at the Fukushima Daiichi nuclear power plant Tokyo Electric Power Co Kyodo News AP On March 11 2011 the prefecture was struck by a severe earthquake magnitude 9 0 centred offshore to the northeast in the Pacific Although the temblor and a series of aftershocks caused some damage considerably more destruction was done by a powerful series of tsunami waves generated by the main shock that inundated coastal areas Particularly hard hit were Iwaki and the Fukushima Daiichi Number One nuclear power station located along the prefecture s northeast coast The degree of property damage in the affected areas was considerable including more than 85 000 buildings either wholly or partially destroyed and about 1 800 people were killed by the tsunami or were missing and presumed dead However in the weeks and months following the disaster another major crisis developed after a meltdown in reactor cores at the Daiichi plant caused a nuclear accident there that forced officials to create a wide evacuation zone around the stricken facility Communities within a 12 5 mile 20 km radius of the plant remained abandoned because of persistent radioactive contamination in the region Area 5 321 square miles 13 782 square km Pop 2010 2 029 064 Comments Share Email Print Cite You may also be interested in Japan Emperors and Empresses Regnant of Japan list of prime ministers of Japan Miyagi Iwate Yamagata Akita Aomori Asia Tokyo Yokohama Metropolitan Area Japan earthquake and tsunami of 2011 Sendai Keep exploring Hit the Road Quiz Get to Know Asia World Tour 10 Incredible Uses for Eggs 9 Fun Facts About Sleep What made you want to look up Fukushima To From Subject Comments Please limit to 900 characters Cancel Britannica Stories Behind The News Philosophy Religion Healing the Schism Pope Meets Patriarch Behind The News Science Gravitational Waves Observed Spotlight History Thomas Malthus s 250th Birthday See More Stories FEATURED QUIZZES Vocabulary Quiz True or False Spell It See More Quizzes About Us About Our Ads Contact Us Privacy Policy Terms of Use 2016 Encyclopædia Britannica Inc MLA style Fukushima Encyclopædia Britannica Encyclopædia Britannica Online Encyclopædia Britannica Inc 2016 Web 12 Feb 2016 http www britannica com place Fukushima prefecture Japan APA style Fukushima 2016 In Encyclopædia Britannica Retrieved from http www britannica com place Fukushima prefecture Japan Harvard style Fukushima 2016 Encyclopædia Britannica Online Retrieved 12 February 2016 from http www britannica com place Fukushima prefecture Japan Chicago Manual of Style Encyclopædia Britannica Online s v Fukushima accessed February 12 2016 http www britannica com place Fukushima prefecture Japan While every effort has been made to follow citation style rules there may be some discrepancies Please refer to the appropriate style manual or other sources if you have any questions Update Link Click anywhere inside the article to add text or insert superscripts subscripts and special characters You can also highlight a section and use the tools in this bar to modify existing content Add links to related Britannica articles You can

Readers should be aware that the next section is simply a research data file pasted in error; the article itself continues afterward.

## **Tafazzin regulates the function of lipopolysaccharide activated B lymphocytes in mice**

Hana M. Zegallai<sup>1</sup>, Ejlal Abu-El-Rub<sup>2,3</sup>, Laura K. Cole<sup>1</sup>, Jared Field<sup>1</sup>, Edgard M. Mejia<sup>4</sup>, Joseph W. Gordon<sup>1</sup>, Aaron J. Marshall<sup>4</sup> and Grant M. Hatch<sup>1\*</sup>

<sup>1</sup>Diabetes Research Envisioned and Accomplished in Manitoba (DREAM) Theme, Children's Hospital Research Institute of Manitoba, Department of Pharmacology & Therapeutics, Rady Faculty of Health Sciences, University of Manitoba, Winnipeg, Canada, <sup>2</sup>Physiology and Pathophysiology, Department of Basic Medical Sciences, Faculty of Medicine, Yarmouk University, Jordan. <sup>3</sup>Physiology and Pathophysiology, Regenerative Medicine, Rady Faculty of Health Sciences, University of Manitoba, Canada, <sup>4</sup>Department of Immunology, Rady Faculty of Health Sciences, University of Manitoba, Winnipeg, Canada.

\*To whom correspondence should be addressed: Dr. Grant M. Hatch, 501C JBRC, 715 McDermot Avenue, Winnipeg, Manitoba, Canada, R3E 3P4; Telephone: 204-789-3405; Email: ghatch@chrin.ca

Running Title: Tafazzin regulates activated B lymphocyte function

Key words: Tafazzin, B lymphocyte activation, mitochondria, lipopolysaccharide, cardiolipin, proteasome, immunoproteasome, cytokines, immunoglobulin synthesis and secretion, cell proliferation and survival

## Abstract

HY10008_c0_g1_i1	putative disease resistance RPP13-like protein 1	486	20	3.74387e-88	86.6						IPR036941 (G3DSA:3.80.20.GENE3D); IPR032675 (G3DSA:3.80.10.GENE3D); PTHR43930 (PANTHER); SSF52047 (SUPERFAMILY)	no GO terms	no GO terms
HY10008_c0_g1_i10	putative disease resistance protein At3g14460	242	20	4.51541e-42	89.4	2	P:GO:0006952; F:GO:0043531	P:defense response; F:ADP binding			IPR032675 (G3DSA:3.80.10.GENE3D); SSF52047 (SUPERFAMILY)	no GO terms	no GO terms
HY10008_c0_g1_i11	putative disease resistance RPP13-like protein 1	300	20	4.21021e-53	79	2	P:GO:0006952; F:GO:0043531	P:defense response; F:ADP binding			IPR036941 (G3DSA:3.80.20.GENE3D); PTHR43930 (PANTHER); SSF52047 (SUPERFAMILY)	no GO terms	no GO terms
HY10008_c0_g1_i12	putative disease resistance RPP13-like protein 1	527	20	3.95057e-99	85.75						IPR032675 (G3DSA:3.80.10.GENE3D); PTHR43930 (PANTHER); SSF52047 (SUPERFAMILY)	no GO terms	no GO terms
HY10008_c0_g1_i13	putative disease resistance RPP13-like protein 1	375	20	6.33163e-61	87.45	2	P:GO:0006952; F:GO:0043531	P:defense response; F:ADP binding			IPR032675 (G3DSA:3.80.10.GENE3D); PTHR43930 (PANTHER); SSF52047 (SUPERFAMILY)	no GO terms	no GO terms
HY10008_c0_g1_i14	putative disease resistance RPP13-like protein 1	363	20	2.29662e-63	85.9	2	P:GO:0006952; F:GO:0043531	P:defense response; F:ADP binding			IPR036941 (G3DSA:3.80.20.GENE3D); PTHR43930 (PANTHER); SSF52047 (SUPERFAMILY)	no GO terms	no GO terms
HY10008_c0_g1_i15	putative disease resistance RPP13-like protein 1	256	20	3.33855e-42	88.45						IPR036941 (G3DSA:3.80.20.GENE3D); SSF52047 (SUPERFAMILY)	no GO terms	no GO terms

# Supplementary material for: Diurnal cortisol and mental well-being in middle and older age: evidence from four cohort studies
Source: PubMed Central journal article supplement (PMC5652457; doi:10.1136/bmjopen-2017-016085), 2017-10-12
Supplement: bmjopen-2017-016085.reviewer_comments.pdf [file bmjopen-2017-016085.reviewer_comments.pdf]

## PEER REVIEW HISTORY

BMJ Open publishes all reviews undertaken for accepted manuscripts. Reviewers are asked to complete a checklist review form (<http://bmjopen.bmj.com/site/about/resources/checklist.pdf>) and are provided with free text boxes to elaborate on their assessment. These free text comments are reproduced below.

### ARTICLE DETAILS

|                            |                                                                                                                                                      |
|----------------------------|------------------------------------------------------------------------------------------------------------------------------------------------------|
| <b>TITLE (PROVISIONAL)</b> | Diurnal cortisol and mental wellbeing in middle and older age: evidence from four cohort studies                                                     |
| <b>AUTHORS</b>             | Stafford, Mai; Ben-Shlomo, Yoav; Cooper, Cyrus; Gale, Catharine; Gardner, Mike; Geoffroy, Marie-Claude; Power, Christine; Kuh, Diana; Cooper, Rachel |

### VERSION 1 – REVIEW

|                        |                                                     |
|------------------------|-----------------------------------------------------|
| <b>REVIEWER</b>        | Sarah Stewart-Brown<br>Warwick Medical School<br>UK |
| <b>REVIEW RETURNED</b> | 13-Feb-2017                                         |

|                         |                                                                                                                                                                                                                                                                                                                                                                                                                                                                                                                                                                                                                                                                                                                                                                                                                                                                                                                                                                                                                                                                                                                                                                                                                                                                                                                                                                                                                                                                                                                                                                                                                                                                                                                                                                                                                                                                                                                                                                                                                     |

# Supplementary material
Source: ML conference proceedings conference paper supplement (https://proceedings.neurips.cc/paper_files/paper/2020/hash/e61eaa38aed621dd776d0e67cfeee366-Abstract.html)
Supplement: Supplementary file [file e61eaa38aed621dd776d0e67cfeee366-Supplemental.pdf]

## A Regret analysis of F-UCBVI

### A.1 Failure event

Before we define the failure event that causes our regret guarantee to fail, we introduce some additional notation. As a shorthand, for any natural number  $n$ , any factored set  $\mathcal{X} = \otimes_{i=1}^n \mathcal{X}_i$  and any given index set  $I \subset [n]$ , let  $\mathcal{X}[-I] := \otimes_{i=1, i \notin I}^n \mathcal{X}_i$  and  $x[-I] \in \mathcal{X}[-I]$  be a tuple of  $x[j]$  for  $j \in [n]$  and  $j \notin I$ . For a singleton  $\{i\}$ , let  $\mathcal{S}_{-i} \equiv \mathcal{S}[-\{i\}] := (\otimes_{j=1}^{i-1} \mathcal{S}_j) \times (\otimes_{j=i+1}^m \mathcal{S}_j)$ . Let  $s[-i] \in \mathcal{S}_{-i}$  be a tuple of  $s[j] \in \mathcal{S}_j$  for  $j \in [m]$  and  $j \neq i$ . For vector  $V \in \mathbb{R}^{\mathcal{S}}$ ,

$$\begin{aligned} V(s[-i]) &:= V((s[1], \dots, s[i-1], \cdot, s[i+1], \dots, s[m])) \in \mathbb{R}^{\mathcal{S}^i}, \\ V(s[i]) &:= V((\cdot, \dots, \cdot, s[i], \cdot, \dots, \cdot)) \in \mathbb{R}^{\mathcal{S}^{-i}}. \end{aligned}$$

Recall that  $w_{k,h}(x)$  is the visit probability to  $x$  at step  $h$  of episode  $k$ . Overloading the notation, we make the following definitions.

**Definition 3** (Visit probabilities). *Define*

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  • Ibaraki | prefecture, Japan | Britannica.com